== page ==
Alternative Indie Rock New Haven

Hear This: Mercy Choir Reaches New Heights on ‘Upturned in Everest’

Mercy Choir
Paul Belbusti of Mercy Choir

New Haven folk rock act Mercy Choir is the musical outlet of singer-songwriter Paul Belbusti. Since the inception of his project in the mid-2000s, Belbusti has been exceptionally prolific with his main act (never mind his work as one-half of the experimental group Rivener), releasing at least eight albums that dabble in various genres like Americana, baroque pop, and lo-fi experimentation. Recently, Belbusti announced he will be releasing yet another full length, Upturned in Everest, out on on Dead Language Records.

Mercy Choir - Upturned in Everest (2019)
Mercy Choir – Upturned in Everest (2019)

Even considering Belbusti’s prolific catalog of releases, Upturned in Everest is Mercy Choir’s finest moment and strongest release to date. In contrast to the short-termed spontaneity of many of his other works, Everest was meticulously recorded over a year and a half, and it shows. In contrast to the minimal acoustics and rugged orchestration of Fair Games and Like a Fountain Stirred, the new record not only collects the New Haven artist’s strongest overall collection of songs, but also most diverse and best sounding.

While Mercy Choir has dabbled with arrangements beyond a traditional rock setup, the music of Everest often moves past standard guitar music both rhythmically and atmospherically. Recorded and mixed by Belbusti, there is a subtle shimmer to its complementary percussives and sonic palette. Nearly every track reflects a different and expanded aesthetic for Belbusti. To be honest, nothing here other than early single “Do You Know What I Mean?” really strikes as a rock song. Instead, the album is unique mishmash of acoustic guitars, 80s synthesizers, atmospheric found sounds, and scattered production techniques.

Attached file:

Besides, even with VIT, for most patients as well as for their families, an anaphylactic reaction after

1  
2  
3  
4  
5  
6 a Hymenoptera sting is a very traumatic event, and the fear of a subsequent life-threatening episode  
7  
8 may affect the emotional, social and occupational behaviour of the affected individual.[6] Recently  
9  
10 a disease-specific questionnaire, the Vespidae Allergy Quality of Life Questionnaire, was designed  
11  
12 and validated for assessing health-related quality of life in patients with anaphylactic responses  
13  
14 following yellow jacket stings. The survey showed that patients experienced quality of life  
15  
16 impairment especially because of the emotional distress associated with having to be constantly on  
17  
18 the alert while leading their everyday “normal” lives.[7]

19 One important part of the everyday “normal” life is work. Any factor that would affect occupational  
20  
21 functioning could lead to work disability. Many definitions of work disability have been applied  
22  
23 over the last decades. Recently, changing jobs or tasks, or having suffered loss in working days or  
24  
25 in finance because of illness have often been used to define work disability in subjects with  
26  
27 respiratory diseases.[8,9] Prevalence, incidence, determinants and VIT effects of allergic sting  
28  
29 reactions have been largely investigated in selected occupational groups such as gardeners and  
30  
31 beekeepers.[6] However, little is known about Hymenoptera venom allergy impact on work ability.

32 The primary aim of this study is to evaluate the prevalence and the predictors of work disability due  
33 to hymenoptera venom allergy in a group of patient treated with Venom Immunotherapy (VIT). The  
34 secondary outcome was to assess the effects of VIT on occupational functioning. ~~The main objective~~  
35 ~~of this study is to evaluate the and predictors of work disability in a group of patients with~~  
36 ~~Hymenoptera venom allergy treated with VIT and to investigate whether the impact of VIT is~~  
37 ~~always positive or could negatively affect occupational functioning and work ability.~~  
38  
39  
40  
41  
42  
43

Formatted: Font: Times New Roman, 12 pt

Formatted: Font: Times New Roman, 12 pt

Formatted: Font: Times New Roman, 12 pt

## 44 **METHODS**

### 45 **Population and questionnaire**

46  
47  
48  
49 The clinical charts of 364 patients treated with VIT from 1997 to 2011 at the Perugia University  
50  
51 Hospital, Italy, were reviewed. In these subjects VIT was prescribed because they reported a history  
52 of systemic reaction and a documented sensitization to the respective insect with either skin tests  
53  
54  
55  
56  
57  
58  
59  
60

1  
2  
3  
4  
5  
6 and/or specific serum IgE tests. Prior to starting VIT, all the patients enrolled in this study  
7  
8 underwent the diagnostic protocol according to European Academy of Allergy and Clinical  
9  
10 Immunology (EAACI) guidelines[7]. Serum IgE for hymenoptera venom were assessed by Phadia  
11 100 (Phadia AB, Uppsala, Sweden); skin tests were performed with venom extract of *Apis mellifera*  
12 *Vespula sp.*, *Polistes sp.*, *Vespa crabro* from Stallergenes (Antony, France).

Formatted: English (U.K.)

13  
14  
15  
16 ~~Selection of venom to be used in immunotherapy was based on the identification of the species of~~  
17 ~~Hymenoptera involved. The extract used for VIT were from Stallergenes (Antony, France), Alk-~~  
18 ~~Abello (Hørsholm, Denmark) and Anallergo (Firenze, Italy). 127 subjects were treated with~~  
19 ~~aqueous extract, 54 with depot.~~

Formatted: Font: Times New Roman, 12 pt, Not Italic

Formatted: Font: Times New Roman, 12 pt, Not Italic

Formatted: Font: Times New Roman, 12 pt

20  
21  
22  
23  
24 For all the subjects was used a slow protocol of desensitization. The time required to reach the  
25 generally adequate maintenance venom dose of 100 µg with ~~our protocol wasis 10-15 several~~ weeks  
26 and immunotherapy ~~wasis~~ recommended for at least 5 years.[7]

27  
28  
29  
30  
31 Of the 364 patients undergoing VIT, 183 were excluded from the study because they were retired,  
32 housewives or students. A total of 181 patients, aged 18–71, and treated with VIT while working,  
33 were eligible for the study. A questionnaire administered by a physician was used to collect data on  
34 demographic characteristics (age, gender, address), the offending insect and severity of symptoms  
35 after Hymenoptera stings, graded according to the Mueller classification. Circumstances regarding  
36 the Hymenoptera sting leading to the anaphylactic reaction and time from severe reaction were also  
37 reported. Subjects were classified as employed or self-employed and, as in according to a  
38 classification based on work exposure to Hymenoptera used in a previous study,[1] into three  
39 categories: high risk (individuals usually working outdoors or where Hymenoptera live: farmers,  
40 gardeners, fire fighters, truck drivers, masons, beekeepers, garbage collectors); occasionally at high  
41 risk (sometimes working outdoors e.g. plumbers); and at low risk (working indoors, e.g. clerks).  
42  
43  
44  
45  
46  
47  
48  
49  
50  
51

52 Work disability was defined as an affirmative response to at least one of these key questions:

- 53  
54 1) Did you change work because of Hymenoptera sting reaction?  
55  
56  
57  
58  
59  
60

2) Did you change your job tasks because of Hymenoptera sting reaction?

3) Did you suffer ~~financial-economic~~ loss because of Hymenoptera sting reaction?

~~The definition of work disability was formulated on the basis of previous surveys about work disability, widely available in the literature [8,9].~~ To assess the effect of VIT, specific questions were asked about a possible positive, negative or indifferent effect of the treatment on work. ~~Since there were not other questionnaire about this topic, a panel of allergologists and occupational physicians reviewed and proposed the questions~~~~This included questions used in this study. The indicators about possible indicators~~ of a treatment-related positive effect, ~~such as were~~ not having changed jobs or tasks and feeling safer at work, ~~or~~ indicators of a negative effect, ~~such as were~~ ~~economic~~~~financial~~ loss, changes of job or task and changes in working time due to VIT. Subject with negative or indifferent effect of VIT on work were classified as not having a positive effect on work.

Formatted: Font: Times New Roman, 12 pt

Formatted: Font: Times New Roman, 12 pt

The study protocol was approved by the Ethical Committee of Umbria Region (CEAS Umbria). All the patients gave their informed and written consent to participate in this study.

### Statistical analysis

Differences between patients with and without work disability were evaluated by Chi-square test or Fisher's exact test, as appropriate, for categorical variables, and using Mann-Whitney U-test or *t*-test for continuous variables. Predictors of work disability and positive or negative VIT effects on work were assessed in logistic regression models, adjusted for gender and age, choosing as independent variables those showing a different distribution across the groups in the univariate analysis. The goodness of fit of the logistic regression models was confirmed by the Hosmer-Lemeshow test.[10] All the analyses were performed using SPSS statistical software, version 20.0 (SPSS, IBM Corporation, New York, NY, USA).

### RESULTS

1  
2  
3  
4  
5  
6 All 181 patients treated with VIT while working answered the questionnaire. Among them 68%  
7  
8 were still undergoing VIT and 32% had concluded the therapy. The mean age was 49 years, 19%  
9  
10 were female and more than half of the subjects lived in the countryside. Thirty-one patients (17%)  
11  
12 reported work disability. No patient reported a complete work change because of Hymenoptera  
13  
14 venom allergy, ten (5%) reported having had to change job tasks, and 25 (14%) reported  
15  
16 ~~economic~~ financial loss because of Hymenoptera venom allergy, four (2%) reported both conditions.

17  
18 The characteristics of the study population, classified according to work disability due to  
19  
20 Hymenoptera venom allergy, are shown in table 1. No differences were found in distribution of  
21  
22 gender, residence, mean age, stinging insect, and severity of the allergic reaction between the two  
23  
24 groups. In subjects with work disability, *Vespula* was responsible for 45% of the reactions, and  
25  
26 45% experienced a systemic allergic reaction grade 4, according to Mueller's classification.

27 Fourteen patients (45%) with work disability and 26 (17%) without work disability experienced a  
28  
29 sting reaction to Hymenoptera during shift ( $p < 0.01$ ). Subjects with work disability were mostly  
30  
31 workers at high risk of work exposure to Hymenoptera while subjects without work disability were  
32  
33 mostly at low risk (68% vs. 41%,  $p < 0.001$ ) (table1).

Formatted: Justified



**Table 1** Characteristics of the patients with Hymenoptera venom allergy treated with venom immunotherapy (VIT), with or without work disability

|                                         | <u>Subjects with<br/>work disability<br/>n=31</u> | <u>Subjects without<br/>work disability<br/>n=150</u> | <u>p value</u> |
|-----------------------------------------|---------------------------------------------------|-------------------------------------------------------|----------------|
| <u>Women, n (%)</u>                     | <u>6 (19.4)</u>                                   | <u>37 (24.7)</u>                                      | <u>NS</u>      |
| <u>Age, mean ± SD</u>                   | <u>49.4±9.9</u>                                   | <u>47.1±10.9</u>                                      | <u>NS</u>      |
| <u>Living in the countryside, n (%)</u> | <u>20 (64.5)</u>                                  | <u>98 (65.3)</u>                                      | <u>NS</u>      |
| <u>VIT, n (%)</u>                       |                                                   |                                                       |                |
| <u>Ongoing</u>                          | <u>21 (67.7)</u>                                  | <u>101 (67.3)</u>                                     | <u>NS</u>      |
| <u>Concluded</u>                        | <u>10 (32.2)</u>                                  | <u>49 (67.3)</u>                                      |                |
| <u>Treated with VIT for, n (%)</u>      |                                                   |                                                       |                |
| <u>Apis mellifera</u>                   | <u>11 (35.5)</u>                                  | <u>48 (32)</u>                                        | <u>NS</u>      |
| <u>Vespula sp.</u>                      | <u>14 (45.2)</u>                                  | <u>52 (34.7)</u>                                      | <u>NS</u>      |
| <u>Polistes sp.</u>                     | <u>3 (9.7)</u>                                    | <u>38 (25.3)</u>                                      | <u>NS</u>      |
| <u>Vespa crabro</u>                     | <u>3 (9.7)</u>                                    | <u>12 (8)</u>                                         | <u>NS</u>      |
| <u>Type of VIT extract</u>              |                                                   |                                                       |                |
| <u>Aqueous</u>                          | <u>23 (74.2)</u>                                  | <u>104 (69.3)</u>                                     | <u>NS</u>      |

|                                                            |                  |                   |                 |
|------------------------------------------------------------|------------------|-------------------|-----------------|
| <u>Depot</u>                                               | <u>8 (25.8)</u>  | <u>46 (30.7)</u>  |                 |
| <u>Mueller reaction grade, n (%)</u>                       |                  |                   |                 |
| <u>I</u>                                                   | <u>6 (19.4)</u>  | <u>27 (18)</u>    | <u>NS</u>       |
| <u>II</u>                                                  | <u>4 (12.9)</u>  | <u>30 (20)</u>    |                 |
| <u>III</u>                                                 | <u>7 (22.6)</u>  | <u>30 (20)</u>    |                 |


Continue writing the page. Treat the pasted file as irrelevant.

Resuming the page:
As a singer and lyricist, Everest also finds Mercy Choir at the height of its powers. Anyone familiar with the band knows that Belbusti has a Dylanesque knack for continuous and unconventional rhymes. On this record, his aesthetic wordplay seems a little less freewheeling, a little more thematically focused, but also from a stranger and more mysterious place. The album also features some of Belbusti’s best singing, with the songwriter expanding past his raw verbiage to breathy and melodic subtleties.

Still, even with the instrumental, vocal, and aesthetic developments combined, there is an ineffable component of Upturned in Everest that is still hard to pin down. In his interview with CT Verses, Belbusti claims that the title means “triumphantly confused” to him. This confusion translates into a bizarre deal on the peak of the figurative mountain: On album closer ‘My Own Sort of Bargain”, with its ominous finger pickings and dissonant vocal harmonies, one listener is left to wonder exactly what knowledge is hiding in that deal. Early in the record Belbusti asks “Do You Know What I Mean?”, but even with repeated listens, that question becomes harder to answer.

Upturned in Everest features contributions from Erik Elligers (Goodnight Blue Moon), Lys Guillorn (Lys Guillorn & Her Band), and Kierstin Sieser (Tiny Ocean). Aside from contributions from those mentioned above, the 12 track album was written, performed, recorded, and mixed by Paul Belbusti in his home studio in Guilford, CT. It was mastered by Todd Tobias (Guided By Voices, Circus Devils).

Listen to Upturned In Everest by Mercy Choir on Bandcamp and Spotify below:

 

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